“Those things will rot your gut.” I knew it was a shitty thing to say immediately after saying it. That was the trouble with talking—the wrong stuff always came out.
“No way. They have vitamins.” He turned the can so I could see the nutritional facts.
“And enough sugar to negate any good those vitamins might do.”
This man must’ve not been a violent person, or else he would’ve already hit me, and I would’ve deserved it. My own pack hated when I ragged on their food and drink choices. At least they understood there was good intent behind my complaints.
This man didn’t know that, and his face fell exactly the way it should when a stranger was being rude to him.
I got up and walked to my bike. I should’ve swung my leg around and driven out of there, leaving this poor man alone. It didn’t sit well with me, letting this guy wait outside alone, drinking something that would only dehydrate him.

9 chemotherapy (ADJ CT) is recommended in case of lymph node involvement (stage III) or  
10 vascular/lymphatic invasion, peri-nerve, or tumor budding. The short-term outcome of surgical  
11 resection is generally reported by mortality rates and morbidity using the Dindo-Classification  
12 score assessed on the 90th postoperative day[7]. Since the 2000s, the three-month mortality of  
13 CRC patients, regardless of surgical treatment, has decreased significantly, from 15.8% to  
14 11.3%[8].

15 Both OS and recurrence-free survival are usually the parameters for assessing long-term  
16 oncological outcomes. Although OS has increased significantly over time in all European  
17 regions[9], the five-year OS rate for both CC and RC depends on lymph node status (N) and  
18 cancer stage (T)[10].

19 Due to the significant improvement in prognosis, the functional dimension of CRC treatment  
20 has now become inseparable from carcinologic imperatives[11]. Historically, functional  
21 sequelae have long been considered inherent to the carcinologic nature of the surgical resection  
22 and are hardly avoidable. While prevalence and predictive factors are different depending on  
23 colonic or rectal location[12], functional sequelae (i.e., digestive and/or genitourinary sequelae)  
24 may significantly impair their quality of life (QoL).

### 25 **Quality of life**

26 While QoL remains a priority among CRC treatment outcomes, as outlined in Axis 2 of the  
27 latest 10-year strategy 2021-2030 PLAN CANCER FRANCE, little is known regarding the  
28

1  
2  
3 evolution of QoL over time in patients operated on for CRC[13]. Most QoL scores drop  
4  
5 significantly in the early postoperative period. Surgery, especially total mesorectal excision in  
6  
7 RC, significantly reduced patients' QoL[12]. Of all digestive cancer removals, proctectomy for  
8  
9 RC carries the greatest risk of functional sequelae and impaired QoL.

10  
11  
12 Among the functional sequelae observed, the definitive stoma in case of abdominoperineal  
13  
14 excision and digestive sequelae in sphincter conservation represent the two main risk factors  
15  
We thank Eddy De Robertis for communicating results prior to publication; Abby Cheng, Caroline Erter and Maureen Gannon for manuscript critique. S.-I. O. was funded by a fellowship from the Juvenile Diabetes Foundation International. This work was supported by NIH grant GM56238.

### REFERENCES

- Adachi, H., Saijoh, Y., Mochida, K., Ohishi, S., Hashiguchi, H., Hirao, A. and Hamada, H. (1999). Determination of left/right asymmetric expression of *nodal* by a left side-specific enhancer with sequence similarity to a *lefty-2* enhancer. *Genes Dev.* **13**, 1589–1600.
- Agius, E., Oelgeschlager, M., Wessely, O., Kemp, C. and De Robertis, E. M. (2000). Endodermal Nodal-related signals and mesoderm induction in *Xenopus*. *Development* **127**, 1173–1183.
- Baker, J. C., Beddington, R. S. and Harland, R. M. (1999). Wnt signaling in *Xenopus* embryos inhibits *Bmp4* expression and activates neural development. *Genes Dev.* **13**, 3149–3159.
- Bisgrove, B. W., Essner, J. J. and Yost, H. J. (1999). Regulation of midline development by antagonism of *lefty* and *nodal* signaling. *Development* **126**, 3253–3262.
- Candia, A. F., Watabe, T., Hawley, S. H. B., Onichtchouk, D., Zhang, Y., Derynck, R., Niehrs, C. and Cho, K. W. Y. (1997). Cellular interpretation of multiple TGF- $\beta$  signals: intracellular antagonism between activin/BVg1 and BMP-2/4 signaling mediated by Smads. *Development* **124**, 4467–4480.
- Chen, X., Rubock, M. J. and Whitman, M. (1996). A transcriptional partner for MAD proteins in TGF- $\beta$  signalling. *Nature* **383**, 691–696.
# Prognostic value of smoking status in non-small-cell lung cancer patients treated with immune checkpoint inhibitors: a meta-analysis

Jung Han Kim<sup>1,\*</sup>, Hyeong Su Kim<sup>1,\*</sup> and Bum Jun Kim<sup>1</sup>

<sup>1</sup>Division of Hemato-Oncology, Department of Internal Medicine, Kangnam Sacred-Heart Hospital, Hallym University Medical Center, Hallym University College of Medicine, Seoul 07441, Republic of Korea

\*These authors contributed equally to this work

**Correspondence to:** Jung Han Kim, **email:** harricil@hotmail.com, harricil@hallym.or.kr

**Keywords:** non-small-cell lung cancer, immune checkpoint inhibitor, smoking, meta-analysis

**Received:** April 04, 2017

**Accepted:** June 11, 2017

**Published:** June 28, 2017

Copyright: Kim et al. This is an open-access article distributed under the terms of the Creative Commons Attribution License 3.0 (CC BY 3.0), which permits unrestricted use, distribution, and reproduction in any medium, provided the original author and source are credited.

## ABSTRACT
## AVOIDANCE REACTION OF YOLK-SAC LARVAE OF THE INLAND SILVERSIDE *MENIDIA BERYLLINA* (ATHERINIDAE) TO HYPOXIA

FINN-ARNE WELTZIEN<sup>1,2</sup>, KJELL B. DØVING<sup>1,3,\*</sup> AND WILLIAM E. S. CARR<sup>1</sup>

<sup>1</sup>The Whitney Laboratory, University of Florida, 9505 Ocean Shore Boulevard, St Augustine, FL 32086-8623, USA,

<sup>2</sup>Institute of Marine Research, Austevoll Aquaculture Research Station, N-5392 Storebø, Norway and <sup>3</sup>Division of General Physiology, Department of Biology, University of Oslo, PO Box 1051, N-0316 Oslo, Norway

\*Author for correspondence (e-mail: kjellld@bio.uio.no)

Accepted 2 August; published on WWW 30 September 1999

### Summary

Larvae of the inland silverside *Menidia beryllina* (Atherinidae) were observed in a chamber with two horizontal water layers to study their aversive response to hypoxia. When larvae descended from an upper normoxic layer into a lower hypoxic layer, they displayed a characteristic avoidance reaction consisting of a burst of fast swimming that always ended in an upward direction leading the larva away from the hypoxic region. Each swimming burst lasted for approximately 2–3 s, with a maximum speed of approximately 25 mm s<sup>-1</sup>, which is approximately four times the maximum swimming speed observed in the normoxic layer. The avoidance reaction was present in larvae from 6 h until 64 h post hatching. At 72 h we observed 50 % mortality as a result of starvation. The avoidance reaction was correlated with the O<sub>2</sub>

“Here,” I said, holding out the bottle of water and protein bar I’d retrieved. “You can just have these.”
He stared at my offering the same way an innocent bystander might stare at a flasher opening his coat. “No, thank you.” Once again, everything about him was closed off: his face, his tone, his body language.
“You don’t have to have them now. You can save them for later—”
“I get it, okay?” He didn’t sound angry but defeated. “Fat guy eats trash. Pretty funny, I know. But I don’t want your stupid food. I want to drink my drink and read my book. It just got good. The mountain man saved the other guy from a bear, and they’re back in his cabin, and he’s realizing that there is only one bed. So if you don’t mind, I’d like to escape inside this world right now.” His shoulders rose and fell, his breaths turning deep as though he were making an effort to calm himself down.
Fuck this world and fuck every person in it who’d ever made this man feel like he wasn’t perfect just as he was. I could’ve told him how badly I wanted to be balls-deep inside him, massaging his curves as I thrust. Thankfully, I wasn’t a complete idiot and knew speaking my horny desires aloud wouldn’t come out like words of comfort.